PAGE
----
Delightful pictures may be obtained by stripping off the front covers of magazines and catalogues, and using some of the high-class but not easily recognized advertisements. By artfully suppressing the tell-tale lettering, a host of dainty prints are to be had.

The best and cheapest way to frame these is afforded by the ‘passe-partout’ method. This consists of pasting the pictures to a suitable card, placing a sheet of glass over it, and binding the two together by means of gummed strips of paper. The glass may, of course, be purchased from the local glazier, but with a sixpenny glass-cutter, this can be cut at home from odd pieces left over from window mending. The binding-strips are sold in rolls by photographic dealers. Various colours can be procured; gold is useful for most coloured pictures which are bright and vivid; slate and grey go well with those delicately coloured, whilst black suits almost any print. Strips imitating different woods are also procurable; they are useful when it is desired to match the frames with the furniture in the room.


Hang the pictures by means of a loop of suitable picture-cord, or, in the case of tiny pictures, of fine wire.

Large pictures in wood or carved and plaster frames are best hung by brass picture hangers from mouldings, which are fixed in most modern rooms. Only the best picture-cord should be used, and these must be attached to the back of the frame by means of screw eyes. Nails are never recommended for large paintings: too great a strain is placed on one small article, which, at the best, has but a poor purchase in a wall. A framed picture of no great weight may be hung upon a plastered wall with a reasonable degree of safety if the nail is first dipped in cold water, but the safest means of fixing nails in either plaster or brick walls is by means of Rawlplugs.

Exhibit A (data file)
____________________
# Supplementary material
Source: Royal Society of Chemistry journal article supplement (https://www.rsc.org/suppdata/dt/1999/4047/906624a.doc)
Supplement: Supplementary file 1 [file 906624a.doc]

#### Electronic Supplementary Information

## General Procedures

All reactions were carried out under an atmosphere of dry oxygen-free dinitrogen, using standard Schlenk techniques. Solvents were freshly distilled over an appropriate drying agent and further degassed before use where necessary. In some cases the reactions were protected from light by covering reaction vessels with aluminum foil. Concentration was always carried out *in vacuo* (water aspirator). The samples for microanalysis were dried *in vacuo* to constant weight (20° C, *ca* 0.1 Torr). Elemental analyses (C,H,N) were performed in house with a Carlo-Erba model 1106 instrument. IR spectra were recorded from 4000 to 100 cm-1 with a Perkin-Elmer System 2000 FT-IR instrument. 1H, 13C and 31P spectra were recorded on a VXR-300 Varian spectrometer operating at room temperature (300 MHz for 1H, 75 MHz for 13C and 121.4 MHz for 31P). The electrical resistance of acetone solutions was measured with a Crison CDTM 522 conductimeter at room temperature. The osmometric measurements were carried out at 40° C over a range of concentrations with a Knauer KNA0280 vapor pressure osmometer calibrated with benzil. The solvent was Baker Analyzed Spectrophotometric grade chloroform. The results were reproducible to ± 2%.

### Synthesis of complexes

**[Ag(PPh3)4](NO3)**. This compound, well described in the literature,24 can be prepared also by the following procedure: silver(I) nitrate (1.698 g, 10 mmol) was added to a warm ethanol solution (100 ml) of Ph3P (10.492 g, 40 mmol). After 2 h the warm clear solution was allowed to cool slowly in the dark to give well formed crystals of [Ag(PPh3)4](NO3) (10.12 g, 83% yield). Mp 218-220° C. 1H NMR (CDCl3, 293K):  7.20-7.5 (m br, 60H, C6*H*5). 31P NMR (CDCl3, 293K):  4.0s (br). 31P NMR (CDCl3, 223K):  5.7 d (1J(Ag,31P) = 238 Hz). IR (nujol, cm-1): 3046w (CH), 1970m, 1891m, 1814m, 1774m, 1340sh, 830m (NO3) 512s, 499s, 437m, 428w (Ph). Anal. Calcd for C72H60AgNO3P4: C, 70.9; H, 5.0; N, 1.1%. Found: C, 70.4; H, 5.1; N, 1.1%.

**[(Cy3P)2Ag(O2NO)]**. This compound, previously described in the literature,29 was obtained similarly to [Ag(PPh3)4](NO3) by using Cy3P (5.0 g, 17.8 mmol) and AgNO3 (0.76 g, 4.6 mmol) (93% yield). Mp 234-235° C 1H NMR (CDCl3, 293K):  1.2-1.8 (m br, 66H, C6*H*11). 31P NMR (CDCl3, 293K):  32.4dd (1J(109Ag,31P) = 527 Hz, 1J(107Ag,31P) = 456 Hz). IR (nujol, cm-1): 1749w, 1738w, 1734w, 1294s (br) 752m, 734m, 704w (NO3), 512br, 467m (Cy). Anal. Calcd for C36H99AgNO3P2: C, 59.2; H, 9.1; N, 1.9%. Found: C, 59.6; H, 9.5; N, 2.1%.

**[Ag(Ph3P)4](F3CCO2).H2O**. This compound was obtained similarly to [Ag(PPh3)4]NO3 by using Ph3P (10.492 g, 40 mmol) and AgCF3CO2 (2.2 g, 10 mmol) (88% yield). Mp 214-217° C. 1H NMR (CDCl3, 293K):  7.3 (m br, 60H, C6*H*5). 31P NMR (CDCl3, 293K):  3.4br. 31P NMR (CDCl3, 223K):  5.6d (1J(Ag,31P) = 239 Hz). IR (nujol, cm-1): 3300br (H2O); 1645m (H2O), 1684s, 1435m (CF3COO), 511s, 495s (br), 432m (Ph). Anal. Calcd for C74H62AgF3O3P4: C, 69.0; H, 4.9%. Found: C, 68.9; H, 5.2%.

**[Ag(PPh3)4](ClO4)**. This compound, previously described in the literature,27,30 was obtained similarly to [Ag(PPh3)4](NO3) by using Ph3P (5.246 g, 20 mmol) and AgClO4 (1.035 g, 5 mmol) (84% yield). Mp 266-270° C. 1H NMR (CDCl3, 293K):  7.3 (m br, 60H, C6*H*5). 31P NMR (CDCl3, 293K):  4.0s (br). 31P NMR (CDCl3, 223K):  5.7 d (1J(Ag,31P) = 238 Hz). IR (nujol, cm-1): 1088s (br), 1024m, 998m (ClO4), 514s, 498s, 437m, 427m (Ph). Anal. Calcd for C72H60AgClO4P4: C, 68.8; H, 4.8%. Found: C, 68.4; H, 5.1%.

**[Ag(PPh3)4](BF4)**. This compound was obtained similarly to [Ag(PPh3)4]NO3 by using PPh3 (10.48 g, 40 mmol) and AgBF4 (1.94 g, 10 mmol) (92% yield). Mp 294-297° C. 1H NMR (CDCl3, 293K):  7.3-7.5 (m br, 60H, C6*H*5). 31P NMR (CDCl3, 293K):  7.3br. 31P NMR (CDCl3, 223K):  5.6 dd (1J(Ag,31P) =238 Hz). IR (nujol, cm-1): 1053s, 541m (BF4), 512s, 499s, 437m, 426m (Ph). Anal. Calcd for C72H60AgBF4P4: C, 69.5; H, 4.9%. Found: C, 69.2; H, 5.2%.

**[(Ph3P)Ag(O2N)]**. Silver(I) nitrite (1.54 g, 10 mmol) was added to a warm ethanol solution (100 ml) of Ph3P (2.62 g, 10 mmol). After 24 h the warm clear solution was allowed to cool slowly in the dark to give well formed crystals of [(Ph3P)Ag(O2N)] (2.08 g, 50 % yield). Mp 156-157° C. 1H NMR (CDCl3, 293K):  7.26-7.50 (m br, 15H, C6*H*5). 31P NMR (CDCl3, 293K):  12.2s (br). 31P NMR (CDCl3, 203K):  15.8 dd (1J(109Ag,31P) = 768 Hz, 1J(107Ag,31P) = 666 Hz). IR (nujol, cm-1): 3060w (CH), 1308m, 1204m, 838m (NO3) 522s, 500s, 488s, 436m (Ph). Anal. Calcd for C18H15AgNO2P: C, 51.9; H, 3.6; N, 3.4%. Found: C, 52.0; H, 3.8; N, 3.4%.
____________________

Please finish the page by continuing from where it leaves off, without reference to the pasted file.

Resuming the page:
If the picture is a very large and 118 heavy piece, in addition to being suspended from a picture rail, it should also rest on a beading, which would, in most cases, of course, have to be specially fixed. If the picture is valuable, it is worth it.

If the wall is a wooden panelled one, large paintings may be fixed in place by means of picture brackets of metal, screwed both to the wall and the picture. A large mantel shelf forms a good rest, especially as the proper place for a very large picture seems traditionally to be over the fireplace.

Similar Posts